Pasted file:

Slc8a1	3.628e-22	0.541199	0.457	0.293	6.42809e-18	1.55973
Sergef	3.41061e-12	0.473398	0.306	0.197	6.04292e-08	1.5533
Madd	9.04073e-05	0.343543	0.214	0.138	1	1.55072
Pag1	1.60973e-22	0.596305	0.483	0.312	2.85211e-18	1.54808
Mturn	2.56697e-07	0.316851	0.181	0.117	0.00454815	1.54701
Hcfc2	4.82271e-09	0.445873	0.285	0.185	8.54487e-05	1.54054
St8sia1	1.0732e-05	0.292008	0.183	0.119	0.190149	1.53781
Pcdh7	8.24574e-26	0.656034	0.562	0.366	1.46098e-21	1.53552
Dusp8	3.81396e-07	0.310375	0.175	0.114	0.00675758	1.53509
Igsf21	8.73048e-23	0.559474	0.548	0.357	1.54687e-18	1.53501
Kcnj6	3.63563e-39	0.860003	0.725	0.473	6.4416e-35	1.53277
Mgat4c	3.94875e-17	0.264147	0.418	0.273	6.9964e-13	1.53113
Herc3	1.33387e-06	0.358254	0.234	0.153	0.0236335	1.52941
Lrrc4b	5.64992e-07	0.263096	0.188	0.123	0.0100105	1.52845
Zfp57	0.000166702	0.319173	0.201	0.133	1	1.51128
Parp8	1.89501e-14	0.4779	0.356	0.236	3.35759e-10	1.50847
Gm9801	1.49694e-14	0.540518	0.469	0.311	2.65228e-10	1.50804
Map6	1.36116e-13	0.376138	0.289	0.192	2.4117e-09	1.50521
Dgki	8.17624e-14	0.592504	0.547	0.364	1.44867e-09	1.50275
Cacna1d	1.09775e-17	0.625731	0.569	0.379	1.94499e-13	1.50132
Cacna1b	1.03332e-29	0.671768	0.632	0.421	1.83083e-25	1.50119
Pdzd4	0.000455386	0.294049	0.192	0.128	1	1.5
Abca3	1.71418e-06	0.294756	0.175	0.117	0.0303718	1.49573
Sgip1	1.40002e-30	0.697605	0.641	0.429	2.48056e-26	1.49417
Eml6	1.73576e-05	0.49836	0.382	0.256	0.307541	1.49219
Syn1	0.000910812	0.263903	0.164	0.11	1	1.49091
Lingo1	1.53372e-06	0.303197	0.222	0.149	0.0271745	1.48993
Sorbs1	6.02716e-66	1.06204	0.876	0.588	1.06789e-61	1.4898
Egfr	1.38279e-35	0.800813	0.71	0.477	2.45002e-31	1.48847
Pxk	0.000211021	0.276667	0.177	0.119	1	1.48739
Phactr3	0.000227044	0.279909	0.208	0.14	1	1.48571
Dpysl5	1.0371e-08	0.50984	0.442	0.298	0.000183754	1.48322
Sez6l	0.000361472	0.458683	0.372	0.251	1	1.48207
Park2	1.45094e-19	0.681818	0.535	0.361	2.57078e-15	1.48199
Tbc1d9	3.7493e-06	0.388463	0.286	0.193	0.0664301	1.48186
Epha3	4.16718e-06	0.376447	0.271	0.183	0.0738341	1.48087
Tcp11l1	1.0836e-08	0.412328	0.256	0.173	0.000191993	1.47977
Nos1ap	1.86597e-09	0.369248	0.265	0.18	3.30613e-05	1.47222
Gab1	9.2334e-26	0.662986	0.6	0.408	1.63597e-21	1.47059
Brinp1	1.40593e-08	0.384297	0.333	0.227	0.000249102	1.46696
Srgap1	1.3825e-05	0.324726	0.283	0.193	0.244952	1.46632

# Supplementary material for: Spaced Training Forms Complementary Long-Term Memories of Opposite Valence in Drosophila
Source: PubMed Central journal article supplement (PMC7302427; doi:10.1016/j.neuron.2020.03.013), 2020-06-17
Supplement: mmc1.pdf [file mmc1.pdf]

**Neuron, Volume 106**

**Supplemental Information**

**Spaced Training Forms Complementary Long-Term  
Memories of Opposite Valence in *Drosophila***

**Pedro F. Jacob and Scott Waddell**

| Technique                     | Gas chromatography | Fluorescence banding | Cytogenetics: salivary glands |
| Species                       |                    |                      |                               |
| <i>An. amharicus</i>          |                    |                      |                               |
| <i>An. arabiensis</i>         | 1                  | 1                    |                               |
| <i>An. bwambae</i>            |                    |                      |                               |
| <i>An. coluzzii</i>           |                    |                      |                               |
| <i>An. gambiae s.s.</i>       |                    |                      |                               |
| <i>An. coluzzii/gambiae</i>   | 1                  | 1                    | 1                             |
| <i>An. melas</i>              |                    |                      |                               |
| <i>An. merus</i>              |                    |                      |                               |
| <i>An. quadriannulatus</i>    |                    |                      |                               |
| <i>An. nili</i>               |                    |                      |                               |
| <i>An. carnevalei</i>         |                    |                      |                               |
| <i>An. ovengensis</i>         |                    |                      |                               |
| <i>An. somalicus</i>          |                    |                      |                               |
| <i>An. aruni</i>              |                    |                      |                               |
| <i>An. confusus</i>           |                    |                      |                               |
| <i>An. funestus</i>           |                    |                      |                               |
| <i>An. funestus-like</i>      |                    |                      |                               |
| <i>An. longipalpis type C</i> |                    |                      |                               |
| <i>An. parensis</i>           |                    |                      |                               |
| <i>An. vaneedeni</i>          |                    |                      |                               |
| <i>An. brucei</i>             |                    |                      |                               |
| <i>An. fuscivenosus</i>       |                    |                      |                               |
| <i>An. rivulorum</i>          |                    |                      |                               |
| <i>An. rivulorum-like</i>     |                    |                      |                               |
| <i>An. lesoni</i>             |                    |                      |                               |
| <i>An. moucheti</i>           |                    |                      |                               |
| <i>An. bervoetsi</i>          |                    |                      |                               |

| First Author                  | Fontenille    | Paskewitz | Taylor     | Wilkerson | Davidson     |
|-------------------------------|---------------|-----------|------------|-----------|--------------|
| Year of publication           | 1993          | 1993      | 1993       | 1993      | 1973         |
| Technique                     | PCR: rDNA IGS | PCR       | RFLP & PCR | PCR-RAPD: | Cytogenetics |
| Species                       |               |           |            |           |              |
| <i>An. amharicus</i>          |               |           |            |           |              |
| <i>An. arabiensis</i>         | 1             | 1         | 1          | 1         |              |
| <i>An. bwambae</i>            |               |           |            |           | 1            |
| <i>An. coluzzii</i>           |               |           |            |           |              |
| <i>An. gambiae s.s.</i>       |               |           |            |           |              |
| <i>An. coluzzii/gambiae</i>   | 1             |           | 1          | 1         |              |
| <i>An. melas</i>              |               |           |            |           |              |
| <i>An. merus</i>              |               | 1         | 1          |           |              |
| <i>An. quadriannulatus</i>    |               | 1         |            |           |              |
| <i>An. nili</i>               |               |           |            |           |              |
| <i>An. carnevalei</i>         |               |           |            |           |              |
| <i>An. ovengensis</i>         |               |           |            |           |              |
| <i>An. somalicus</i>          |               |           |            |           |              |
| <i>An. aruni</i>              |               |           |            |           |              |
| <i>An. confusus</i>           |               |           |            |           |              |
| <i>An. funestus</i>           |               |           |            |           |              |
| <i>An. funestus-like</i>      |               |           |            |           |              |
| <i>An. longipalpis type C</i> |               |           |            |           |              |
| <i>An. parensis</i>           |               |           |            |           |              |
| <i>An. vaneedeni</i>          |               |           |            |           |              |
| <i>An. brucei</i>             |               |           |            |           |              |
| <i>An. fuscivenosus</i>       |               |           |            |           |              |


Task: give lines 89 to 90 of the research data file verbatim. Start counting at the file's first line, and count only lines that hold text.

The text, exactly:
| <i>An. coluzzii/gambiae</i>   | 1             |           | 1          | 1         |              |
| <i>An. melas</i>              |               |           |            |           |              |